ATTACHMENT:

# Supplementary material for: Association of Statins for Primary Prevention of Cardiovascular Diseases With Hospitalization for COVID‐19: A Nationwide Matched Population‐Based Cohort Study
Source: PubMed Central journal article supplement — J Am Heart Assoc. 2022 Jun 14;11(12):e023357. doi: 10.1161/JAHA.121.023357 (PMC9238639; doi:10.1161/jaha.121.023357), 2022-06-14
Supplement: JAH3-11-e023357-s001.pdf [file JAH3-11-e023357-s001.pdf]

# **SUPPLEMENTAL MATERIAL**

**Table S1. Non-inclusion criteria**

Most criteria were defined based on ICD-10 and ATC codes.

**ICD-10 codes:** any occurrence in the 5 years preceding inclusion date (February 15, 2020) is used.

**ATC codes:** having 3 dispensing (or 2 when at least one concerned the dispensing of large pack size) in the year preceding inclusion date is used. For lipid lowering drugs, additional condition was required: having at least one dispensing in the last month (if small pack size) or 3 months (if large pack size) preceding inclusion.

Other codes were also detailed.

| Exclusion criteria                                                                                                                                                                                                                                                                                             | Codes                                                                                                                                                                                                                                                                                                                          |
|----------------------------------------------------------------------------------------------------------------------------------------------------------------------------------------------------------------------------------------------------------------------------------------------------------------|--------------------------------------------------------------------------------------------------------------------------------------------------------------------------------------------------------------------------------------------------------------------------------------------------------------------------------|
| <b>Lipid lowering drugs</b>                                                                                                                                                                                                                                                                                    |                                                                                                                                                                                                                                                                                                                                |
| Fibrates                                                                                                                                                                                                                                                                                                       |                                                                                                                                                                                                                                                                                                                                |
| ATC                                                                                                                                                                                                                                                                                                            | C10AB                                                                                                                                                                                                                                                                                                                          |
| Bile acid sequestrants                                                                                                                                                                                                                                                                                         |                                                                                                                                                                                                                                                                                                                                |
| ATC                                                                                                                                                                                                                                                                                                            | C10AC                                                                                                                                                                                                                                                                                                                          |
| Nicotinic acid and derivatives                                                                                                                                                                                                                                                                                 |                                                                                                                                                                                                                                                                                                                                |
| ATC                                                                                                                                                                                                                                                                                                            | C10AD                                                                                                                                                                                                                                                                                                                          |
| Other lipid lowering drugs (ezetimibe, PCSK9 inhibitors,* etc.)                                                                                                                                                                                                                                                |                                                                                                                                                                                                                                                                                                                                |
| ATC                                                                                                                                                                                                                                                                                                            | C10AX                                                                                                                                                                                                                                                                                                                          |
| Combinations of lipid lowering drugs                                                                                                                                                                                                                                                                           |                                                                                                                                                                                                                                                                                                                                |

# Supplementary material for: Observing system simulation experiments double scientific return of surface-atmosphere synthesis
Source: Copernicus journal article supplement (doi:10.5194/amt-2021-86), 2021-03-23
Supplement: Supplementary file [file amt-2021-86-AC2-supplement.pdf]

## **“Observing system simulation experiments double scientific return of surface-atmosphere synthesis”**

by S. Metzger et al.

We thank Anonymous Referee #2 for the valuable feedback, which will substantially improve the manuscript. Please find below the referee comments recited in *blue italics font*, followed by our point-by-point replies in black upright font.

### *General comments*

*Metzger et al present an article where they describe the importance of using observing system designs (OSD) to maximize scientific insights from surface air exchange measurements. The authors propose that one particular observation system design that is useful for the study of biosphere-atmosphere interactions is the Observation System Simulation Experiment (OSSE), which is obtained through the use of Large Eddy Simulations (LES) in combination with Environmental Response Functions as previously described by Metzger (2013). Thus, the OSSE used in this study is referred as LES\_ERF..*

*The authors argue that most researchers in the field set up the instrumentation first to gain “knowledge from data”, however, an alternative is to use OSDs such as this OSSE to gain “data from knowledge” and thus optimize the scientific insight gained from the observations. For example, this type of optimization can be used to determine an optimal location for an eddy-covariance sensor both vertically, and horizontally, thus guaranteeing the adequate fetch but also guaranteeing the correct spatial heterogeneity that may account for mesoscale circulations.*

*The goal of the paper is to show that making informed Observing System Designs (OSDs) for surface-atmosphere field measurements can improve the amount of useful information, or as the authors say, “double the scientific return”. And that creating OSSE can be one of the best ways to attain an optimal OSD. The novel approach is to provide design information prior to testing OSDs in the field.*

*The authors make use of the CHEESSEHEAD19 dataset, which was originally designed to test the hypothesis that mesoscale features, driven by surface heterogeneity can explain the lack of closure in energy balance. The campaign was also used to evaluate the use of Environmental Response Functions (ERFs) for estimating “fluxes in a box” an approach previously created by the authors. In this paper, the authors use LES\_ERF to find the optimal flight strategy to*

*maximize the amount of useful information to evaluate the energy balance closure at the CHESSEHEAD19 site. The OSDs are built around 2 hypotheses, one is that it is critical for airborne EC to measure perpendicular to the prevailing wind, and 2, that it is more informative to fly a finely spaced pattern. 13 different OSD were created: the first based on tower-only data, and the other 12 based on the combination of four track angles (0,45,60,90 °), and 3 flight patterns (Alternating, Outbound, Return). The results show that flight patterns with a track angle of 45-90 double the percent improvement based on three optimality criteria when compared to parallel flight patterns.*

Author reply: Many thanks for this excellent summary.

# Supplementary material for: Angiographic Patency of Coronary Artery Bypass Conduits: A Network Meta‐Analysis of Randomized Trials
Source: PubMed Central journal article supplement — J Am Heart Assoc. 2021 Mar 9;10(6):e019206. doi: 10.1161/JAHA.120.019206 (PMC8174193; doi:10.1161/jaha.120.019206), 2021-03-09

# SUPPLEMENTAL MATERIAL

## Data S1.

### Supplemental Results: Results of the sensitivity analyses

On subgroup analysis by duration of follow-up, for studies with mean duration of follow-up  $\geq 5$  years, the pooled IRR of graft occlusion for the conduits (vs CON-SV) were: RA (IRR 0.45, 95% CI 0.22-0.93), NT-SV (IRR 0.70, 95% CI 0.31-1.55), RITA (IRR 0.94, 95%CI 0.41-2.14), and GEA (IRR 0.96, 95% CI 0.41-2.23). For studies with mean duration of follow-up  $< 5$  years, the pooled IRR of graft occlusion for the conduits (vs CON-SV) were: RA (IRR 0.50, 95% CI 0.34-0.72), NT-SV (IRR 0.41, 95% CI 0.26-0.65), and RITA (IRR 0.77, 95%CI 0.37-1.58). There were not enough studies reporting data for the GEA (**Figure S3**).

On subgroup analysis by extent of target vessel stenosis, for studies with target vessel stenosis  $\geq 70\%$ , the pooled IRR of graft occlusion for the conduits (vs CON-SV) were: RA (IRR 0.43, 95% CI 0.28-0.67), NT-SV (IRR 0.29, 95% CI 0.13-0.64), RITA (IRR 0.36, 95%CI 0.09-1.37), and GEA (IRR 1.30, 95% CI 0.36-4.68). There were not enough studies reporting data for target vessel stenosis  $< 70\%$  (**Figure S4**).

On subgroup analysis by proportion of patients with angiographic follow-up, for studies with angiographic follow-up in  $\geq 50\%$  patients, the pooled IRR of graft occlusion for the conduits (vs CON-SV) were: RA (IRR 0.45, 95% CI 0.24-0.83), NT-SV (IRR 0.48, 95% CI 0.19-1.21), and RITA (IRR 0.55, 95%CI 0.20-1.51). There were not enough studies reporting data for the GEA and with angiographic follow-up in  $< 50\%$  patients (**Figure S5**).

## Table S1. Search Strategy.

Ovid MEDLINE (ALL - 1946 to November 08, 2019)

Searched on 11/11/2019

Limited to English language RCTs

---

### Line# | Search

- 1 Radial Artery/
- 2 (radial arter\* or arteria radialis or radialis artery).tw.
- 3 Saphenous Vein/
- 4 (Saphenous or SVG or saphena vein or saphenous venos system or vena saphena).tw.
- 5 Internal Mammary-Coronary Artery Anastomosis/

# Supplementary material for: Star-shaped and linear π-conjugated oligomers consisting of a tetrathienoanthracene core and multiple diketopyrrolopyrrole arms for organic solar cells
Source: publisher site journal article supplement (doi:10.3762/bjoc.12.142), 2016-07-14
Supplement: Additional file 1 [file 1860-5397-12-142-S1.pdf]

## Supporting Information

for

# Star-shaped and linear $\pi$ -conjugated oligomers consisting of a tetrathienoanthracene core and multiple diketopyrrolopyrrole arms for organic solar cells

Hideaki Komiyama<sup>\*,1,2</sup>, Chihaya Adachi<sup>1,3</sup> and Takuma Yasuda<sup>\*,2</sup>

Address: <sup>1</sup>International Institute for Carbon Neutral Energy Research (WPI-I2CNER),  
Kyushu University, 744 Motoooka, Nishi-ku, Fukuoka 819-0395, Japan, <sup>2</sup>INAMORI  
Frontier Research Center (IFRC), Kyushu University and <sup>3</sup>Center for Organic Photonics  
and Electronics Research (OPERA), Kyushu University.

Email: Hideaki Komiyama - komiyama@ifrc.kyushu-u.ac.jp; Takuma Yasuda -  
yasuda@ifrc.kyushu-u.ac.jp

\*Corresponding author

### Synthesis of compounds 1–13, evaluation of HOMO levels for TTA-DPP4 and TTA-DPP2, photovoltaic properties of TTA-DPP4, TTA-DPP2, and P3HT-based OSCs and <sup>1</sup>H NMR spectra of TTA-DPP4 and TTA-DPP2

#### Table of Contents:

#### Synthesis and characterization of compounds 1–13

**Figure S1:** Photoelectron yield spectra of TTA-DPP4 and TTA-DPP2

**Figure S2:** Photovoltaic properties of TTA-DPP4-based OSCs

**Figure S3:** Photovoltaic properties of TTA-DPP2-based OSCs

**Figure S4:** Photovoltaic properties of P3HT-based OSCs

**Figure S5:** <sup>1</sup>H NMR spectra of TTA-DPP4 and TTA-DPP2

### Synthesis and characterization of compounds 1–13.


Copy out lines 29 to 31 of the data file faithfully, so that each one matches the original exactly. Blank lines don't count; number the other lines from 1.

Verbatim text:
*Metzger et al present an article where they describe the importance of using observing system designs (OSD) to maximize scientific insights from surface air exchange measurements. The authors propose that one particular observation system design that is useful for the study of biosphere-atmosphere interactions is the Observation System Simulation Experiment (OSSE), which is obtained through the use of Large Eddy Simulations (LES) in combination with Environmental Response Functions as previously described by Metzger (2013). Thus, the OSSE used in this study is referred as LES\_ERF..*

*The authors argue that most researchers in the field set up the instrumentation first to gain “knowledge from data”, however, an alternative is to use OSDs such as this OSSE to gain “data from knowledge” and thus optimize the scientific insight gained from the observations. For example, this type of optimization can be used to determine an optimal location for an eddy-covariance sensor both vertically, and horizontally, thus guaranteeing the adequate fetch but also guaranteeing the correct spatial heterogeneity that may account for mesoscale circulations.*

*The goal of the paper is to show that making informed Observing System Designs (OSDs) for surface-atmosphere field measurements can improve the amount of useful information, or as the authors say, “double the scientific return”. And that creating OSSE can be one of the best ways to attain an optimal OSD. The novel approach is to provide design information prior to testing OSDs in the field.*